TF Archives

Metamatics on Cornwall, 'Blow-Ins' & Manchester City

Author: Jonty Adderley
Saturday, February 8, 2003
"The locals are alright, but most of the people I've made friends with over the years are outsiders, people who weren't born here. The locals call us 'Blow-ins'."

Manchester born and raised electronica producer Lee Norris (aka Metamatics, Norken and Nacht Plank) first moved to Cornwall, Western England some seven years ago though he's struggled to penetrate to tight local community.

"I don't think I've got one friend who's a Devonian. I've been going to the local pub, which is about two miles away, for about six years and the locals still don't say Hello to me," he laughs.

Lee's chatting to Skrufff's Jonty Adderley about the second part of his remix album trilogy, for his second best known persona Norken. Clearly unconcerned about fitting in to tightly he retains his broad Mancunian accent and equally partisan loathing of the city's best known export Manchester United, more specifically David Beckham.

"I think he's a good footballer, David Beckham, but he plays for the scum, so I could never cheer him on," he chuckles.

Skrufff (Jonty Adderley): your new album for Norken has been entirely remixed by producers you met over the net, how did you choose them-

Metamatics: "We have a Neo-Oiuja chat room and most of the people who visit that room are musicians who want to talk about (music making) equipment. It's all about tech talk really and the usual topic is software. I had this idea for all three projects to use people I'd met in the chatroom and chose them in that way. I sent them each the parts over the next as small WAV files which they could download in a matter of minutes. They got the parts and some emailed me back their remixes in a couple of days, others took a few weeks. It was quite an easy process, actually. 20 people or so took part, they were mainly people whose music I'd heard and enjoyed."

Skrufff: Did the fact you were doing this process via the web affect the end quality-

Metamatics: "Not really, if I was sending low quality MP3 files then it would have done but good quality WAVS are quite big files of CD quality sound. I don't think sound quality matters these days, not to me anyway. As long as you've got a reasonable mix that's all that matters I hate all this perfectionism."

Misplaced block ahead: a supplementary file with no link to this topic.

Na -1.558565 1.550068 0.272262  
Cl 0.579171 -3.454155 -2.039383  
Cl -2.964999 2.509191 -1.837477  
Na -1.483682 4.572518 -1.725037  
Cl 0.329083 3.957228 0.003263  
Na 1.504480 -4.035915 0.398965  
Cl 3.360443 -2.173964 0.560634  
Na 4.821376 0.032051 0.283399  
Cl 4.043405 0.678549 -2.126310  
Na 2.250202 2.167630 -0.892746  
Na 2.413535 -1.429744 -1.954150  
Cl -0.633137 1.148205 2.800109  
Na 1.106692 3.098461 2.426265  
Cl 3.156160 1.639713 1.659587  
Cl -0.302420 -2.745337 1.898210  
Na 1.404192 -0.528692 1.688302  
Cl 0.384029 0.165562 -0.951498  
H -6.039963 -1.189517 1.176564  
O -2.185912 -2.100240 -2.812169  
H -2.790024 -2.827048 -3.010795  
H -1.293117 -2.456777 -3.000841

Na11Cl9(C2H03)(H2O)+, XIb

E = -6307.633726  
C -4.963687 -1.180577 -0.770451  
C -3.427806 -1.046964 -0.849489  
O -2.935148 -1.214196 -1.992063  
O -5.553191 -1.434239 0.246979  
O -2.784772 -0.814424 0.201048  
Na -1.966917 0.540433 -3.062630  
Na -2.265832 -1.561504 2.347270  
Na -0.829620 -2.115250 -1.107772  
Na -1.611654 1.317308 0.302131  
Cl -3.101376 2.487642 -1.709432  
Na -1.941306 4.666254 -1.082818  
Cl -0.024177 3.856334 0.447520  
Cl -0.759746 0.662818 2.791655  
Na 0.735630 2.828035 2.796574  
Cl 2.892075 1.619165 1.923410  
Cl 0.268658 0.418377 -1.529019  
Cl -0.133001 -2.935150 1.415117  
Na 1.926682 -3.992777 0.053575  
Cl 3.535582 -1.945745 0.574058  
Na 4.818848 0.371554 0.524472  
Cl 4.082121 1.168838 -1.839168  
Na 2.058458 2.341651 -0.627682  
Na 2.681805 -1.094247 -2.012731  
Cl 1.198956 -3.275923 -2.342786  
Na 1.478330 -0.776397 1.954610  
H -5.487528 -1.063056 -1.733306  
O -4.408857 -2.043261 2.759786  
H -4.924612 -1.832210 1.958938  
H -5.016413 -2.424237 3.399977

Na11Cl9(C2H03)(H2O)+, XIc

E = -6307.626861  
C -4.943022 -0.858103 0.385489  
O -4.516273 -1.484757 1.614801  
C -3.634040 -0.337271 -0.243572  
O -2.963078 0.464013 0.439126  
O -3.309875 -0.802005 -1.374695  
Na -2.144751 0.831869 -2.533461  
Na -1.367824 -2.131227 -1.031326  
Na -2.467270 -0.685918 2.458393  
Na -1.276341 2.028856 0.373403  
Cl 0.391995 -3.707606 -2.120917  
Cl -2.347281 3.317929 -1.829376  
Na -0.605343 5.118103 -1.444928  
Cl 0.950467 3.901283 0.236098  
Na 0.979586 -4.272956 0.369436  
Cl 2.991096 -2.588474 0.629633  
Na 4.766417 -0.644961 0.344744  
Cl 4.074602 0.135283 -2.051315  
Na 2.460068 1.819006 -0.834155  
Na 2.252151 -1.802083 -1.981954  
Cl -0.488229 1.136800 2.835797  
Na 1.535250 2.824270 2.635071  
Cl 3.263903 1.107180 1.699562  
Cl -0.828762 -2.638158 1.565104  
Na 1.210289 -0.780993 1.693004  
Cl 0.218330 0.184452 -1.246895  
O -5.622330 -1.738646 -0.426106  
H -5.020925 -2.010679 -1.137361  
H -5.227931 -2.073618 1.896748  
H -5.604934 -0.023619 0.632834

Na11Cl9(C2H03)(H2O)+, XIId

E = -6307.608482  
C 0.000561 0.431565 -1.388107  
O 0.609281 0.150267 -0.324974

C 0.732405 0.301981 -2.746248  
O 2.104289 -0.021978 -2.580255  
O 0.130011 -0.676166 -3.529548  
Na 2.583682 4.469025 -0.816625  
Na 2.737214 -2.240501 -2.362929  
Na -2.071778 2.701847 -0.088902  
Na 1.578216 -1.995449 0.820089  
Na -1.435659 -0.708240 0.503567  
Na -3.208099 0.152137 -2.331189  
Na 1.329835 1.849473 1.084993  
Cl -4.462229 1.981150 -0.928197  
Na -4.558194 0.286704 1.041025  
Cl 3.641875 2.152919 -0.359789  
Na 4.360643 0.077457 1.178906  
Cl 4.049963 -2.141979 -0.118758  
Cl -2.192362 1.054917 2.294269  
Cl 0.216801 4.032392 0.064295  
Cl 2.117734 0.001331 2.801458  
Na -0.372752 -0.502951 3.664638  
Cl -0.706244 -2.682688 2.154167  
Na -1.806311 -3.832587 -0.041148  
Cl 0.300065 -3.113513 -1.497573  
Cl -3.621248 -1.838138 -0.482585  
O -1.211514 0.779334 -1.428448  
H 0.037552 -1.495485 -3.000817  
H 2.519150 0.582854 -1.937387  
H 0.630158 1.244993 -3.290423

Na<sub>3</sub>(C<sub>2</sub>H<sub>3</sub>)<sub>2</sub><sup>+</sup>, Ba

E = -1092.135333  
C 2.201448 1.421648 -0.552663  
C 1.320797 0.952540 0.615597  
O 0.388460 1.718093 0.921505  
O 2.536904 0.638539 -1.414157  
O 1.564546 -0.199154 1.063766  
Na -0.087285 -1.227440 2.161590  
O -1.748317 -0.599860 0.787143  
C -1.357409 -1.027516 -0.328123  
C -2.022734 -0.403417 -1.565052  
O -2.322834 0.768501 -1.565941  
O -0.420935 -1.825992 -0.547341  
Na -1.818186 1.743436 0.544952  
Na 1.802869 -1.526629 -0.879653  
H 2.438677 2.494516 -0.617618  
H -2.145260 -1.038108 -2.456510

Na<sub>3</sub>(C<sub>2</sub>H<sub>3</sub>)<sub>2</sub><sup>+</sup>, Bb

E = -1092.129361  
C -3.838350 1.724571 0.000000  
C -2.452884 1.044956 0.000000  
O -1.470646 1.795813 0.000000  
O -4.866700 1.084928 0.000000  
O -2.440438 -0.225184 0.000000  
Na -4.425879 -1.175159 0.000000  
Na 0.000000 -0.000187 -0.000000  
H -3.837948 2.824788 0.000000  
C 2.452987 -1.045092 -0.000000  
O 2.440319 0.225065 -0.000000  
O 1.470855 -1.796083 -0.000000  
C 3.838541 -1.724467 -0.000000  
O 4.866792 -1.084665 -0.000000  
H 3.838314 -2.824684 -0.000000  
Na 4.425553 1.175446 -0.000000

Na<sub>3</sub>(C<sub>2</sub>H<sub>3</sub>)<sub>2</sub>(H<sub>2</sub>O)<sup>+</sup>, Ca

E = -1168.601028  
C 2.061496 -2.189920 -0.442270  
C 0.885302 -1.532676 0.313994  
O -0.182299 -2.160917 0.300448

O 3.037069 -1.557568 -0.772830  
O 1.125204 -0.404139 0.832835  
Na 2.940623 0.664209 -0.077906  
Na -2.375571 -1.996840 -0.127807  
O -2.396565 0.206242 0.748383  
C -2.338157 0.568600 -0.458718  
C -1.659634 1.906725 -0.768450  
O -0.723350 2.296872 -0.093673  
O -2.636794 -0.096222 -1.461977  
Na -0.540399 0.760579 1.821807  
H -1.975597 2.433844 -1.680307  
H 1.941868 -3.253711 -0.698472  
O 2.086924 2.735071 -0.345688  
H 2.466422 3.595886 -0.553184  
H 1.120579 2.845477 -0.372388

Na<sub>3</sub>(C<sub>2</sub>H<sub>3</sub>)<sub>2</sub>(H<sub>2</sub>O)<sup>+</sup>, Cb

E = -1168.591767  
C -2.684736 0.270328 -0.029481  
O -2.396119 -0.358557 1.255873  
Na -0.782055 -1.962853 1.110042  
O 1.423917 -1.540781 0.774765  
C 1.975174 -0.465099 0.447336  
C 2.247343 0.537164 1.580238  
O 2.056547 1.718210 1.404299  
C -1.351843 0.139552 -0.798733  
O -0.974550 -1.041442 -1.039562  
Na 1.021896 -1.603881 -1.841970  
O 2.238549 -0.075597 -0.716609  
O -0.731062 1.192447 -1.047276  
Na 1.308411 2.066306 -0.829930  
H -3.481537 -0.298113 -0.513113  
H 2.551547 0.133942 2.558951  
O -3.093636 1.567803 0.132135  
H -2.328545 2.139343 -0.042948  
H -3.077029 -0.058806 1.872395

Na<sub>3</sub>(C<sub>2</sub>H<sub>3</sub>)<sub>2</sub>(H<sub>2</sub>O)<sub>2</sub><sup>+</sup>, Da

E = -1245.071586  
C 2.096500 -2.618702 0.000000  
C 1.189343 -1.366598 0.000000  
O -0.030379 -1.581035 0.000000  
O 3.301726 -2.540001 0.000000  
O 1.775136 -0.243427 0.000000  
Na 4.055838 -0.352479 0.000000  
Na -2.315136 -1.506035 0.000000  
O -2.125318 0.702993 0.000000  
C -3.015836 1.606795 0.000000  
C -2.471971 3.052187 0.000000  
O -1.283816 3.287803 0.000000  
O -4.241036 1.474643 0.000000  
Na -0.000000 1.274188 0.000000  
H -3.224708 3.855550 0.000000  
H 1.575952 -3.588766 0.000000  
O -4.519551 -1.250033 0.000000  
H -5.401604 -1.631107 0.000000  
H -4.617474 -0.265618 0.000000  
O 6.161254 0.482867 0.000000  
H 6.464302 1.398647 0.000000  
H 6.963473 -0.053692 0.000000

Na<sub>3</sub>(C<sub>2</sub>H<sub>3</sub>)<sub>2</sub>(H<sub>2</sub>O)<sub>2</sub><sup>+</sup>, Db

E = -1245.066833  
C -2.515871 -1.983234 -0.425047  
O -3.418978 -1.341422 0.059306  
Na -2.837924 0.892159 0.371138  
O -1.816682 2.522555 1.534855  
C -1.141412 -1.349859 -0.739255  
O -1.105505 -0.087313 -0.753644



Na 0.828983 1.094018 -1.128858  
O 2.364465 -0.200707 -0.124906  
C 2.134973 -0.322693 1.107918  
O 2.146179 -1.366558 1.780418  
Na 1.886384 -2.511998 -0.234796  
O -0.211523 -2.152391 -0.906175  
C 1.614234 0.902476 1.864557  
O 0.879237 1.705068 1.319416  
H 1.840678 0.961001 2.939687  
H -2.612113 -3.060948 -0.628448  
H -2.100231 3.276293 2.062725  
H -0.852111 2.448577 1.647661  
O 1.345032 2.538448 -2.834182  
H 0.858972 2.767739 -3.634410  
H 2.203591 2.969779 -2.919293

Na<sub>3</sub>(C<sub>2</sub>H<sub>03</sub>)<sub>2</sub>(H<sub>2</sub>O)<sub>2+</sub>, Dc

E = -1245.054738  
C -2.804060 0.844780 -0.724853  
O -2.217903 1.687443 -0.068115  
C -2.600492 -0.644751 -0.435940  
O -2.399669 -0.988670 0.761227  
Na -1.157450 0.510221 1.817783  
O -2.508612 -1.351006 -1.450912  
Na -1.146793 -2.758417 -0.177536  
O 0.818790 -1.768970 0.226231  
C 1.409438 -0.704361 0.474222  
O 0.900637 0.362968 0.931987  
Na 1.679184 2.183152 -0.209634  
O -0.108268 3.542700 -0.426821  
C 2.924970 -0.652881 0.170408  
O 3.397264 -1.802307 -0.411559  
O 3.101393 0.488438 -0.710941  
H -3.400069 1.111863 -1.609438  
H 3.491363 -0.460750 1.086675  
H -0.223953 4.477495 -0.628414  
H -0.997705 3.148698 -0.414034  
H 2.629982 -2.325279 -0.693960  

Skrufff: When you're making a track, how do you differentiate between it being for Metamatics, Norken and Nacht Plank-

Metamatics: "I don't really split them, but I don't sit down at the computer thinking 'Let's make a piece of music'. Right now, for example, I'm working on a Metamatics album so I'm channelling all my energy into that project, until it's finished. Once that's out the way, I'll work on Norken. The difference between the two is that Norken uses a standard 4/4 beat, like a techno/house beat, even though it\s not designed for the dance floor, whereas Metamatics is more free-flowing. But then again, there's a connection because the music has lots of strings and melodies."

Skrufff: How was your recent tour of Germany-

Metamatics: "It was interesting, we released a compilation on K7 Records called Mass Confusion with several other electronic artists and they asked me to do a tour to promote the compilation. I hadn't played live for such a long time and I thought it seemed like a good time so I bought a laptop (computer) and set off around Germany for two weeks."

Skrufff: So were you standing behind a laptop in front on hundreds of seated people-

Metamatics: "Yeah, though it was different in different cities. In places like Dresden, kind of run down East European towns, the people would just sit there and clap politely in between songs. You feel a bit of a dick (idiot) standing there by your lap top. Then in places like Berlin and Hamburg, it was completely different with everybody standing up and dancing- it felt like a rave. I didn't feel that I got anything out of the experience and didn't enjoy it, I found it really hard work, all the travelling. I